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Life Health > Running Your Business

Re-Imagining Your Tool Box for the Small Business Client

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Consider these advanced planned techniques for small businesses: one that lets companies quick build a retirement nest egg for key execs using arbitrage; a second that leverages a maximum-funded VUL to produce tax-free income in retirement; and a third that minimizes the taxable value of a business but maximizes the sale proceeds to a departing owner.

If these solutions are not part of your portfolio, then read on. Experts interviewed by National Underwriter say that these and other solutions will become increasingly prevalent in coming years because of the innovative approaches they bring to ever-present business challenges–securing the cash needed to fund executive compensation, retirement planning and exit planning objectives.

Substituting Term for Permanent

Though the U.S. economy is improving, observers say many small businesses are either unable or unwilling to set aside cash for permanent life insurance to fund non-qualified compensation plans for key executives. As a result, less costly term insurance policies are enjoying an upswing in demand.

Term policies are increasingly being used, for example, inside IRC Section 162 executive bonus plans. In these arrangements, the business pays a bonus in cash that is used to fund the premiums on a term policy the key executive owns. The premium payments are tax-deductible to the employer and taxable to the employee.

“In today’s economy, executive bonuses tend to be smaller than in years past,” says Brett Berg, director-advanced marketing of the individual life insurance business at Prudential Financial, Newark, N.J. “But companies want to provide a level of death benefit protection comparable to what can be obtained with a cash value policy. And so they’re turning to term insurance.”

In many cases, he adds, business owners are also electing term policies with provisions that waive premium payment requirements in the event that an executive should become unemployed or disabled. Example: the PruTerm WorkLife 65 product from Pruco Life Insurance Company, a Prudential company.

In the event of a disability before age 65, the premiums are waived until the insured recovers or turns age 65, whichever is first. The one-time unemployment benefit waives one continuous year of premiums. Policy owners can also convert their existing term policy to permanent insurance at any time up to age 65 without having to undergo additional medical testing.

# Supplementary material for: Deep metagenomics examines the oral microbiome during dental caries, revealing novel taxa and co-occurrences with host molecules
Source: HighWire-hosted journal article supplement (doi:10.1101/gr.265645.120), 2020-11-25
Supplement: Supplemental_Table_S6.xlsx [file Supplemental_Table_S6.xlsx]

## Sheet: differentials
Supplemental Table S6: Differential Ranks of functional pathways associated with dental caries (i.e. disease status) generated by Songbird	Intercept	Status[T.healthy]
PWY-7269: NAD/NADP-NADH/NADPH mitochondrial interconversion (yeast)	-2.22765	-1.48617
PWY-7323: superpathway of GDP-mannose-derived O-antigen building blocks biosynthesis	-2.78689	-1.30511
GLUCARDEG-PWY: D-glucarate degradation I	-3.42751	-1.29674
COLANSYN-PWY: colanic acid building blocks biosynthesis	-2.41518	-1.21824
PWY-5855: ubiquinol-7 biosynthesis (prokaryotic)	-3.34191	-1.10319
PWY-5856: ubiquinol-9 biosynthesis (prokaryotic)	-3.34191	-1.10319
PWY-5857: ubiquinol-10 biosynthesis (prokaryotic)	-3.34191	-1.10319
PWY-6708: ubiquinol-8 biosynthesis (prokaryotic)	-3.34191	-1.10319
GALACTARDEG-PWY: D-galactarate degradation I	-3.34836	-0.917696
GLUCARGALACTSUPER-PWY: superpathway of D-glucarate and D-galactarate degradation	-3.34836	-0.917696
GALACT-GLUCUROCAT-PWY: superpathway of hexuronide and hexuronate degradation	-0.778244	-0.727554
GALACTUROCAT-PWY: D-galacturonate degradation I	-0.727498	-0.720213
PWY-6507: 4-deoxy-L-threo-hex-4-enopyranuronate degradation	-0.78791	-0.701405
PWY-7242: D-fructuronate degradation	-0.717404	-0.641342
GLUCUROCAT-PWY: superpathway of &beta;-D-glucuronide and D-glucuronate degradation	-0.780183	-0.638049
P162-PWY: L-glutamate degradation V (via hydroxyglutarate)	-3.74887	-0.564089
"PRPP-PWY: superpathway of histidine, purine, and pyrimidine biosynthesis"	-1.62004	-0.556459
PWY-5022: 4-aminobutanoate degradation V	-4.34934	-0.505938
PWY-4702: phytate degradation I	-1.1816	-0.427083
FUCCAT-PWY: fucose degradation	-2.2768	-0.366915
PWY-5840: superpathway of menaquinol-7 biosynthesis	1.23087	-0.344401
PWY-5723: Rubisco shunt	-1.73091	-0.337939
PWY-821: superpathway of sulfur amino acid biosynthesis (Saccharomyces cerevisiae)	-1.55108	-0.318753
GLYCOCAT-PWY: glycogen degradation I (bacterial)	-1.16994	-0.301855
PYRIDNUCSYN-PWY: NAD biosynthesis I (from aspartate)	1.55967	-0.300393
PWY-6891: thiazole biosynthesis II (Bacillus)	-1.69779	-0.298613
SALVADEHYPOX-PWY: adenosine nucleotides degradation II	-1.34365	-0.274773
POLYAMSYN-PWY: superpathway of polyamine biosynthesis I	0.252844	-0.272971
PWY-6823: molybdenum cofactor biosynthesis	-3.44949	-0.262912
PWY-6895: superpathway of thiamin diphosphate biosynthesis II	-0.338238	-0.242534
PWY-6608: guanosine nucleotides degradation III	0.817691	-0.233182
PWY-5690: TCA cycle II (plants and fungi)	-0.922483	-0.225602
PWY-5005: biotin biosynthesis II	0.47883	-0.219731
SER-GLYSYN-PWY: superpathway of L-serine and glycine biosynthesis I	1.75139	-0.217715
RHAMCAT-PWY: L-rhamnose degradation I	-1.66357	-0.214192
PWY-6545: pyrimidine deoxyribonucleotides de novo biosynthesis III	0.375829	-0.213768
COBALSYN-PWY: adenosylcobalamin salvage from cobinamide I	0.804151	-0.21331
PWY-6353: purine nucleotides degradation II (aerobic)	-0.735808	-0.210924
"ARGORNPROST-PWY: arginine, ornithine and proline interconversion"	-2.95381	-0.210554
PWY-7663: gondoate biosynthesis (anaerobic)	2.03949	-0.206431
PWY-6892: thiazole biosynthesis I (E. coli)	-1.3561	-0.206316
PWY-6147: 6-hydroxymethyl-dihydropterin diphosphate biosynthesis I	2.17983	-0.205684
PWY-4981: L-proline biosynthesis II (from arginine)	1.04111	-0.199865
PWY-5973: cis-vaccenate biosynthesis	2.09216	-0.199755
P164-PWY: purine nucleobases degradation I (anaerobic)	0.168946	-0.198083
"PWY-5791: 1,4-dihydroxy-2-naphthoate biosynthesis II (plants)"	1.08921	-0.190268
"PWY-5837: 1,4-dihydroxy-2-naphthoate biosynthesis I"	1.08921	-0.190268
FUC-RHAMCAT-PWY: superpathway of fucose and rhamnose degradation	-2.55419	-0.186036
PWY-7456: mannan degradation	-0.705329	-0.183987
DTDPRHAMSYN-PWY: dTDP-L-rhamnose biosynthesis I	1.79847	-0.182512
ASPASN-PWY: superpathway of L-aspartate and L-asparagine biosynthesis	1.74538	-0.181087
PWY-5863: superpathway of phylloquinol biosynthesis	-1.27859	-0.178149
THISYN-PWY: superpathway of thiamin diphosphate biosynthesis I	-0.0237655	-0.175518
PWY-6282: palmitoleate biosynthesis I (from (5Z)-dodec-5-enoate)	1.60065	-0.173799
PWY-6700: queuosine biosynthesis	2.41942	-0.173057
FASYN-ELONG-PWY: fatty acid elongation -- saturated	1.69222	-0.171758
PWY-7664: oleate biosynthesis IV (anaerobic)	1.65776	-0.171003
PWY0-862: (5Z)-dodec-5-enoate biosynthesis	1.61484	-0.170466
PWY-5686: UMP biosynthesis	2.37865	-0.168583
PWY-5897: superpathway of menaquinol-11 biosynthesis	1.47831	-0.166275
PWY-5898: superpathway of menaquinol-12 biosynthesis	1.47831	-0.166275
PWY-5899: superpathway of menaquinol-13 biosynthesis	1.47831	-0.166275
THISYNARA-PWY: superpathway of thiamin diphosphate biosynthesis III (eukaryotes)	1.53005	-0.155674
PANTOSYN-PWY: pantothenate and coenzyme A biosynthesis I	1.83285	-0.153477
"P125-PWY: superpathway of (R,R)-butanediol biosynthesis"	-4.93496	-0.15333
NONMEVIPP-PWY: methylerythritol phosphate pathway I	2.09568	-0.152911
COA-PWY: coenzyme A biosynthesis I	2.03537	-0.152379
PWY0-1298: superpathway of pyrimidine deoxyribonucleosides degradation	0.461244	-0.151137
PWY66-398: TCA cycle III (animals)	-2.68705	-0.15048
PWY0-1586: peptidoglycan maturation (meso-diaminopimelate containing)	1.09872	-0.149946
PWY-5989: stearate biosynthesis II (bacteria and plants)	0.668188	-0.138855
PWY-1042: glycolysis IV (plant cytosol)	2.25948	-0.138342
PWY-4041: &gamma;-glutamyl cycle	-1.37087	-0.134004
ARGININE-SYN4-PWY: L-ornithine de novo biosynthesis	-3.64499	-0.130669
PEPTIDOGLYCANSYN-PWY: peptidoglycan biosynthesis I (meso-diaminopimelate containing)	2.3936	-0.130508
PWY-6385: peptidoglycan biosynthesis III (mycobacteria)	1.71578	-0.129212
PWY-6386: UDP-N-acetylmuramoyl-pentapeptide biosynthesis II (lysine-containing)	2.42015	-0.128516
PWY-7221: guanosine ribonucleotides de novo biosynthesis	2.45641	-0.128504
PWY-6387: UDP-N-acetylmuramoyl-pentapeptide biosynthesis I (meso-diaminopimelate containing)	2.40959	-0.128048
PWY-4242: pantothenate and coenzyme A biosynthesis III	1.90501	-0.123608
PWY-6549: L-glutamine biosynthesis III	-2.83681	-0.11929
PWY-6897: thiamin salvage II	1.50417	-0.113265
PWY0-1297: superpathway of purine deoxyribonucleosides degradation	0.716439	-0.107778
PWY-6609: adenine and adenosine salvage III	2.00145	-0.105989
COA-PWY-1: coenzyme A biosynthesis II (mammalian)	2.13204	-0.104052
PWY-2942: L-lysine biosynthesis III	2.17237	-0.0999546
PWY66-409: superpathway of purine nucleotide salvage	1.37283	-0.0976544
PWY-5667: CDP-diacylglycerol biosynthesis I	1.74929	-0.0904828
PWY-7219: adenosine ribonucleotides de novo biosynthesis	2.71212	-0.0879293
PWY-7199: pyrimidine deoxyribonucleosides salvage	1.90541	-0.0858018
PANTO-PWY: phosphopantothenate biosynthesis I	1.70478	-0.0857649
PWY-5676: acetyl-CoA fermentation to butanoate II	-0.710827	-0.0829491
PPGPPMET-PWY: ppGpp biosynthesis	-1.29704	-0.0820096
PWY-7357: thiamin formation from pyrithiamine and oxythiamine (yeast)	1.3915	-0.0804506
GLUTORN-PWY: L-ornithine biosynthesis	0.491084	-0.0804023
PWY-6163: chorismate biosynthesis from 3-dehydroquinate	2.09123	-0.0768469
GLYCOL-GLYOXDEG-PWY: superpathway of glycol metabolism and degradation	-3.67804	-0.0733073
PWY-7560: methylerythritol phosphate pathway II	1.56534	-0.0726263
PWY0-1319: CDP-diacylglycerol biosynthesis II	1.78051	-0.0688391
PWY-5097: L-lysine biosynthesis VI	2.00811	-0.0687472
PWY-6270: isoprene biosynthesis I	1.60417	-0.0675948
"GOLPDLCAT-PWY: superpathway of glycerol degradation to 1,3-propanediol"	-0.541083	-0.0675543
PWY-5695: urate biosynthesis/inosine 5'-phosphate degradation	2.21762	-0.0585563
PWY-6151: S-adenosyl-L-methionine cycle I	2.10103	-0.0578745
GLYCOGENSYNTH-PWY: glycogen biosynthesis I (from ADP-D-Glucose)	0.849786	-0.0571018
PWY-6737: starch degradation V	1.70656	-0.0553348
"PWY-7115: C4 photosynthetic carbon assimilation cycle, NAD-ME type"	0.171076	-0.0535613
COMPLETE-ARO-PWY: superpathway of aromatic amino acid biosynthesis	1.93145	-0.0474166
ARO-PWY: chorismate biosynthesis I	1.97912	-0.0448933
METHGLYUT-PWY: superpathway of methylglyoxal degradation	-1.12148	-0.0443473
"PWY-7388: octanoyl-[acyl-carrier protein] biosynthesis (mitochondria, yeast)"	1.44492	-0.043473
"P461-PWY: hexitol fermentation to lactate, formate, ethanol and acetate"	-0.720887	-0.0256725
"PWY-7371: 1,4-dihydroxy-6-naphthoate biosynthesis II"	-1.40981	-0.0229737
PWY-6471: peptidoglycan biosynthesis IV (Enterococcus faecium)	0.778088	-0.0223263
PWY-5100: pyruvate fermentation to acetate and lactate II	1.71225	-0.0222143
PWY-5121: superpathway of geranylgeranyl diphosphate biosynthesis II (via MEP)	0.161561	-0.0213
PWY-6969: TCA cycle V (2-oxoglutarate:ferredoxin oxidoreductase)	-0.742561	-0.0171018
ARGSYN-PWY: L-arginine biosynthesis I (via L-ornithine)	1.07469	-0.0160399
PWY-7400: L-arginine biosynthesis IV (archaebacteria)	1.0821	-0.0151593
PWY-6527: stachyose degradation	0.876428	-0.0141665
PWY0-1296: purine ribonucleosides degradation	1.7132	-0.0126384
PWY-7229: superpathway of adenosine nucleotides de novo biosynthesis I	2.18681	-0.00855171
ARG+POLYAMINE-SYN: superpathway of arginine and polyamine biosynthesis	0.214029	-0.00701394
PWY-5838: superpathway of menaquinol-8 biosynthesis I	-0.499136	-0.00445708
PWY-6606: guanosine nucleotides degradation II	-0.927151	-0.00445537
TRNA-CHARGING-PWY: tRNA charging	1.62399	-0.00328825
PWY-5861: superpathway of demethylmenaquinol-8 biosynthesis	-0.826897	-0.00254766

“The new benefits are very applicable in a business planning context,” says Berg. “We’ve seen the disability waiver used in both key person insurance and in policies used to fund buy-sell agreements.”

Premium Financing with a Twist

For many small business owners, the issue is not whether to substitute a death-benefit-only term policy for cash value life insurance, but how best to fund policy premiums. Profitable owners may be able to fund the premiums from cash flow, but hesitate to do so if they believe the cash could be more wisely deployed elsewhere, such as investments in new equipment. Others may lack the resources to meet retirement planning goals for themselves and key executives.

Enter Global Financial Distributors, an Atlanta, Ga.-based subsidiary of Entaire Global Companies, Inc., and a provider of funds used to purchase life insurance and annuities to meet business planning objectives. Serving primarily small business owners ages 45 to 65 and with $1.5 million in investable assets, the company lends and services small business loans in partnership with Global One Financial, an affiliated Entaire company that specializes in lending procurement for GFD borrowers.

Dubbed Leveraged Planning, GFD’s program lets small business owners secure a simple interest, non-amortizing loan to fund (among other applications) non-qualified executive bonus plans using a high cash value life insurance policy. While the business pays the loan interest, the tax-deferred cash value policy (which also serves as collateral for the loan) grows at a compounding rate, thus allowing the business to engage in arbitrage.